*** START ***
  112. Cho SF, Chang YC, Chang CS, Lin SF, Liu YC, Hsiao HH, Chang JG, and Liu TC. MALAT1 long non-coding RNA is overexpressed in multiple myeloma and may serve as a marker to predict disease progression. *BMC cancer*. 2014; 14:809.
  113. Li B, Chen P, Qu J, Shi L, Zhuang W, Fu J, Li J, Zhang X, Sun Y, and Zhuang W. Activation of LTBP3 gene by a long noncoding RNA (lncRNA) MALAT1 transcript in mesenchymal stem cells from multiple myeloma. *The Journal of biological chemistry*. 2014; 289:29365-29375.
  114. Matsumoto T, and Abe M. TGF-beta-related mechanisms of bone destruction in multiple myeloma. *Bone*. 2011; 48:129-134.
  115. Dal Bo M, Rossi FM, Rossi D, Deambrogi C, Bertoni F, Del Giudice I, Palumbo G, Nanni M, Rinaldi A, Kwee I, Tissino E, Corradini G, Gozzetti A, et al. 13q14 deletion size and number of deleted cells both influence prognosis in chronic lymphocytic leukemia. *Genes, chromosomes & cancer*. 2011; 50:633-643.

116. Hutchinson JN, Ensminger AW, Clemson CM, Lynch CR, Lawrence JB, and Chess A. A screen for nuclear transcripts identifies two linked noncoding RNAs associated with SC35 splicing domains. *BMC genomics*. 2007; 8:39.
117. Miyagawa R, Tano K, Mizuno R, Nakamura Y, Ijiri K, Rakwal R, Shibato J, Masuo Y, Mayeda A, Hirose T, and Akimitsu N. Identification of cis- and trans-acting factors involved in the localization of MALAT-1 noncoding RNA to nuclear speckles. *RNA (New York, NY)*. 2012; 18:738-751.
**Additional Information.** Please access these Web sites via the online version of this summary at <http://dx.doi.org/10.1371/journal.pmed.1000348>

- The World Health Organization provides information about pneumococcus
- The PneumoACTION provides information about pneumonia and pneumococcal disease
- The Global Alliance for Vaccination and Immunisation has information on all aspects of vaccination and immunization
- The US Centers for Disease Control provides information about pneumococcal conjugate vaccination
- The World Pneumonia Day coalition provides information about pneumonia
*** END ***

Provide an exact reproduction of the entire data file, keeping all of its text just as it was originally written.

  112. Cho SF, Chang YC, Chang CS, Lin SF, Liu YC, Hsiao HH, Chang JG, and Liu TC. MALAT1 long non-coding RNA is overexpressed in multiple myeloma and may serve as a marker to predict disease progression. *BMC cancer*. 2014; 14:809.
  113. Li B, Chen P, Qu J, Shi L, Zhuang W, Fu J, Li J, Zhang X, Sun Y, and Zhuang W. Activation of LTBP3 gene by a long noncoding RNA (lncRNA) MALAT1 transcript in mesenchymal stem cells from multiple myeloma. *The Journal of biological chemistry*. 2014; 289:29365-29375.
  114. Matsumoto T, and Abe M. TGF-beta-related mechanisms of bone destruction in multiple myeloma. *Bone*. 2011; 48:129-134.
  115. Dal Bo M, Rossi FM, Rossi D, Deambrogi C, Bertoni F, Del Giudice I, Palumbo G, Nanni M, Rinaldi A, Kwee I, Tissino E, Corradini G, Gozzetti A, et al. 13q14 deletion size and number of deleted cells both influence prognosis in chronic lymphocytic leukemia. *Genes, chromosomes & cancer*. 2011; 50:633-643.

116. Hutchinson JN, Ensminger AW, Clemson CM, Lynch CR, Lawrence JB, and Chess A. A screen for nuclear transcripts identifies two linked noncoding RNAs associated with SC35 splicing domains. *BMC genomics*. 2007; 8:39.
117. Miyagawa R, Tano K, Mizuno R, Nakamura Y, Ijiri K, Rakwal R, Shibato J, Masuo Y, Mayeda A, Hirose T, and Akimitsu N. Identification of cis- and trans-acting factors involved in the localization of MALAT-1 noncoding RNA to nuclear speckles. *RNA (New York, NY)*. 2012; 18:738-751.
**Additional Information.** Please access these Web sites via the online version of this summary at <http://dx.doi.org/10.1371/journal.pmed.1000348>

- The World Health Organization provides information about pneumococcus
- The PneumoACTION provides information about pneumonia and pneumococcal disease
- The Global Alliance for Vaccination and Immunisation has information on all aspects of vaccination and immunization
- The US Centers for Disease Control provides information about pneumococcal conjugate vaccination
- The World Pneumonia Day coalition provides information about pneumonia